Companies are increasingly caught between a desire to pursue bipartisan political alliances through donations and expectations that they support progressive social causes. Now, some are being forced to change their strategies.
Walmart, Amazon, and McDonald’s collectively donated over $1 million to lawmakers who voted against the Equality Act
From 2019 to 2020, Walmart’s PAC donated $1.2 million to federal candidates, according to an Insider analysis of FEC data via the Center for Responsive Politics. Donations were exactly an even split – $596,000 to Republicans and $596,000 to Democrats. All but three Republicans in the House of Representatives voted against the Equality Act, saying it could infringe on religious freedom. That means Walmart donated nearly $400,000 to politicians opposing the bill.
Meanwhile, the company’s Twitter avatar is currently rainbow hued, and the retailer is selling a collection of Pride merchandise. A Walmart spokesperson did not immediately respond to Insider’s request for comment.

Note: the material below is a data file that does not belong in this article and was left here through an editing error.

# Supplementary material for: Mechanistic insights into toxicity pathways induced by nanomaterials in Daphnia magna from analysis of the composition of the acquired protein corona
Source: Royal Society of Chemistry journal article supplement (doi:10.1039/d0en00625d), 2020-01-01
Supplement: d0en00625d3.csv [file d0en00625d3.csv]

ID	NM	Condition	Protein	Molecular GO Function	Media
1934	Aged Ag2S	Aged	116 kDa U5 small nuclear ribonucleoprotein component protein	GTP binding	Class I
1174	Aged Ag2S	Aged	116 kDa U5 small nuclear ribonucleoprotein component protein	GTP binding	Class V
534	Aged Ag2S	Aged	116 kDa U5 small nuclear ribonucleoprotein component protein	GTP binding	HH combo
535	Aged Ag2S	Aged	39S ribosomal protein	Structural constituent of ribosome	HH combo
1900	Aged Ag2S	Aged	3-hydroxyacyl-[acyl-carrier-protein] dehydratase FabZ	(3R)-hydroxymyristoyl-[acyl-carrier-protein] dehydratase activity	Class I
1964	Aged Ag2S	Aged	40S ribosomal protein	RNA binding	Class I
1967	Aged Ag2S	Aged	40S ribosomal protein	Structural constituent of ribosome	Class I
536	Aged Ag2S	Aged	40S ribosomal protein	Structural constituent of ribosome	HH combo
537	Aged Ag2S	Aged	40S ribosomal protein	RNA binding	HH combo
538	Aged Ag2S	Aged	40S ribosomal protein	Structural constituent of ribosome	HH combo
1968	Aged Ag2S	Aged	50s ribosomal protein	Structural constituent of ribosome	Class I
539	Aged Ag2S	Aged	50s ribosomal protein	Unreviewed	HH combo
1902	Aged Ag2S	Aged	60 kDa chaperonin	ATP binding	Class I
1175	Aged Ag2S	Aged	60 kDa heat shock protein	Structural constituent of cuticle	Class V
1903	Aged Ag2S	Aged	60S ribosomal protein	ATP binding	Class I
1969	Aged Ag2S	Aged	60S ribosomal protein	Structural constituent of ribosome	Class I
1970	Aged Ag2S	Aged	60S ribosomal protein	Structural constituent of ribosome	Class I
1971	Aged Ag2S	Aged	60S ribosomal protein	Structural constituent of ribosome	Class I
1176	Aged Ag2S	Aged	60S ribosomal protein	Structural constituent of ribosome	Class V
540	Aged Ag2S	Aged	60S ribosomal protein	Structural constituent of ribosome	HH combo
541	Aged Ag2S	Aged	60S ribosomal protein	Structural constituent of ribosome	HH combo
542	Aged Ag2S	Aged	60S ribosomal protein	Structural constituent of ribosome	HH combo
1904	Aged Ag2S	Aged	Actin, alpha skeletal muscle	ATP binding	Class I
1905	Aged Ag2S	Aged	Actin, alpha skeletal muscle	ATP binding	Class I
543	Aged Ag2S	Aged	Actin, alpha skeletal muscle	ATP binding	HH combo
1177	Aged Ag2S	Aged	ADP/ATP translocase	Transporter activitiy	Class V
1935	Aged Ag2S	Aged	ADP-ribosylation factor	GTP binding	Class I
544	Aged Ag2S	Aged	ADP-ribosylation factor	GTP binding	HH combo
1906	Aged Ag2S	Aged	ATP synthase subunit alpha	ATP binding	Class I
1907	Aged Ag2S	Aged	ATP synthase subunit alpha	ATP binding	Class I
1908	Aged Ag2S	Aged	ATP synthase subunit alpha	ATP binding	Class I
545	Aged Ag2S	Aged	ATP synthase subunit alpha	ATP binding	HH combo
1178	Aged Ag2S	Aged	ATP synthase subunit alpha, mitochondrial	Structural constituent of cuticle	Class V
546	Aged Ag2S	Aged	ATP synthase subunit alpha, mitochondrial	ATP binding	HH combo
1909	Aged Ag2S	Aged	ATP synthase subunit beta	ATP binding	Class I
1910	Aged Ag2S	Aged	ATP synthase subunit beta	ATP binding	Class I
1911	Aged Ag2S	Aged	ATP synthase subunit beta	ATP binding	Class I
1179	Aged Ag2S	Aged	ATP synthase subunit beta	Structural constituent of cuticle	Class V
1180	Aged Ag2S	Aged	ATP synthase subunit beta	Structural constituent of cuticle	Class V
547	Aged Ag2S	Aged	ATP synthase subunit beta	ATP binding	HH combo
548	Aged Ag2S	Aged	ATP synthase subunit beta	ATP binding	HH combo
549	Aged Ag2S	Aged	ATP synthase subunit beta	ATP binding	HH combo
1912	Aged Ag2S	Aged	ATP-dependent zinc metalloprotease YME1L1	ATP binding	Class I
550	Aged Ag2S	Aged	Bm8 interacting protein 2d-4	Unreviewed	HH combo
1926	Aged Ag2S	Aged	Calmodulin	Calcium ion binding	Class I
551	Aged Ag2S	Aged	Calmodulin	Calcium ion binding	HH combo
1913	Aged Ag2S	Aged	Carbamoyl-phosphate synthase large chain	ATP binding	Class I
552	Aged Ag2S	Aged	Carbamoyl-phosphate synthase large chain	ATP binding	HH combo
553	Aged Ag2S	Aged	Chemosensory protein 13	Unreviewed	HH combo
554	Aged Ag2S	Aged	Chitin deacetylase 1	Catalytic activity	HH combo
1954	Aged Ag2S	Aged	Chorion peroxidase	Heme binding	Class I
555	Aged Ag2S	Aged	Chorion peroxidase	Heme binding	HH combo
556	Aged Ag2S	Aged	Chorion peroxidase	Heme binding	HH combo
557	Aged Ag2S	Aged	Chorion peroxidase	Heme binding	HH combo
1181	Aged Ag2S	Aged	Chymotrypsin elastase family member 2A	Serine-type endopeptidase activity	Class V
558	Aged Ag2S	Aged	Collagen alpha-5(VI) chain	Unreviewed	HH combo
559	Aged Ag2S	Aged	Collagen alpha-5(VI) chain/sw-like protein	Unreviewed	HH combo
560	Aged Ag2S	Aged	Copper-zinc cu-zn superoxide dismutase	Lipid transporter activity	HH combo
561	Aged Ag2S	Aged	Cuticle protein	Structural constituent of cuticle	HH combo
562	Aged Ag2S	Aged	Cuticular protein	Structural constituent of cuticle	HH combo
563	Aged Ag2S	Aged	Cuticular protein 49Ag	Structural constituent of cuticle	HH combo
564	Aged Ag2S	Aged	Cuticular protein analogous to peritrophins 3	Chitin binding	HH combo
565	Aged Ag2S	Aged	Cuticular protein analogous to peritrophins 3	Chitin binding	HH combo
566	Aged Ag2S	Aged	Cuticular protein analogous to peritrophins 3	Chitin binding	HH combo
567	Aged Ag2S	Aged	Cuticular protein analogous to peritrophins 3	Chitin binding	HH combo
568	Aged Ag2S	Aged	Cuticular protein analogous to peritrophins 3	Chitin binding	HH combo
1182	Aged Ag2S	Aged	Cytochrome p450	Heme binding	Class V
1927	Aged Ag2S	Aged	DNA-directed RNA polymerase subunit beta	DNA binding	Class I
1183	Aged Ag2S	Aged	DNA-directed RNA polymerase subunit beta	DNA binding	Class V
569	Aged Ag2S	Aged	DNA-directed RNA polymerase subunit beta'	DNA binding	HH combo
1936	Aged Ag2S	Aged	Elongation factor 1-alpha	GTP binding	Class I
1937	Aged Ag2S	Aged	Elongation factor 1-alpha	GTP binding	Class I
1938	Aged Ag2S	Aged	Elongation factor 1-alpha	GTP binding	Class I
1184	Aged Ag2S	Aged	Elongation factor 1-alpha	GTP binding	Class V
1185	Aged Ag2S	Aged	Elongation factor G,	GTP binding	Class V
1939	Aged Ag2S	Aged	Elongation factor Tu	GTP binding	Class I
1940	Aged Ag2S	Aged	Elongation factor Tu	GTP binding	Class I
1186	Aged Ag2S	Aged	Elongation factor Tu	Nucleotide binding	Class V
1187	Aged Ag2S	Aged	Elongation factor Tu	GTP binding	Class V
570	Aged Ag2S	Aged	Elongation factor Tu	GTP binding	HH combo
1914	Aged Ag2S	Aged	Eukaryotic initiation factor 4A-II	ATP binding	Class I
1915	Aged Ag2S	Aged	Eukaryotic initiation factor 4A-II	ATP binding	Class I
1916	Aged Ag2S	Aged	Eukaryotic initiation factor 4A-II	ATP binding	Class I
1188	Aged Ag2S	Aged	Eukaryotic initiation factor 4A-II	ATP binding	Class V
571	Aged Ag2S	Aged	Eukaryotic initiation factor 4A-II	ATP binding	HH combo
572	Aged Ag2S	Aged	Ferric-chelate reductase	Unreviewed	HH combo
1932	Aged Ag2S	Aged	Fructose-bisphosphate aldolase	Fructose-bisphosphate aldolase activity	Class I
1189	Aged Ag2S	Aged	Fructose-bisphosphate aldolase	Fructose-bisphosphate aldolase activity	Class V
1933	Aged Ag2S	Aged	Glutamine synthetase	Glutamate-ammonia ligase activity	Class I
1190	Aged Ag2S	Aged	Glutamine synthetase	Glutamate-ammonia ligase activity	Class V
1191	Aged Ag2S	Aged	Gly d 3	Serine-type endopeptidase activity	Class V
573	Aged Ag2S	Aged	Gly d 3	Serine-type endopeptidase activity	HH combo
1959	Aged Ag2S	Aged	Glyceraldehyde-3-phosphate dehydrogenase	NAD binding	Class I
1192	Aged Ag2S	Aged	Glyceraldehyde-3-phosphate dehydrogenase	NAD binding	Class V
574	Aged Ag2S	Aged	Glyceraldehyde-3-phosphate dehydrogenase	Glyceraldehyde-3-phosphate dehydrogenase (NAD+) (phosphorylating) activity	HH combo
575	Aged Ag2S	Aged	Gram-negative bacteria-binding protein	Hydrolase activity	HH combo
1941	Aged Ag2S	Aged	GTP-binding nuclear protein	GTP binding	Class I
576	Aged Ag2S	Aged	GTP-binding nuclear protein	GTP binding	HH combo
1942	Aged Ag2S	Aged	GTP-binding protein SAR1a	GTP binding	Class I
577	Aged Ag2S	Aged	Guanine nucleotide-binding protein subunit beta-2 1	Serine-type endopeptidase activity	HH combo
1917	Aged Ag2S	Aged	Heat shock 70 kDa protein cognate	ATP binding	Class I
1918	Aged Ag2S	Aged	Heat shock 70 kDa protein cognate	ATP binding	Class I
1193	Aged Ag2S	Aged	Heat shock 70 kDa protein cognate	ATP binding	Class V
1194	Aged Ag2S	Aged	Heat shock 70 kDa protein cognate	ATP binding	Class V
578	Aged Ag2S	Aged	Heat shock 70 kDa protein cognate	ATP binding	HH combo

At the same time, the company’s PAC split donations from 2019 to 2020, donating $659,000 to Democratic candidates and $648,500 to Republicans. More than $460,000 of those donations went to politicians who voted against the Equality Act.
An Amazon spokesperson told Insider that the company “engages with policymakers and regulators on a wide range of issues that affect our business, customers, and employees.”
“That does not mean we agree with any individual or political organization 100 percent of the time on every issue, and this includes legislation that discriminates or encourages discrimination against the LGBTQ+ community,” the spokesperson continued.
Companies are changing how they approach political donations
In 2021, more brands are openly supporting LGBTQ people and celebrating Pride on social media than ever before.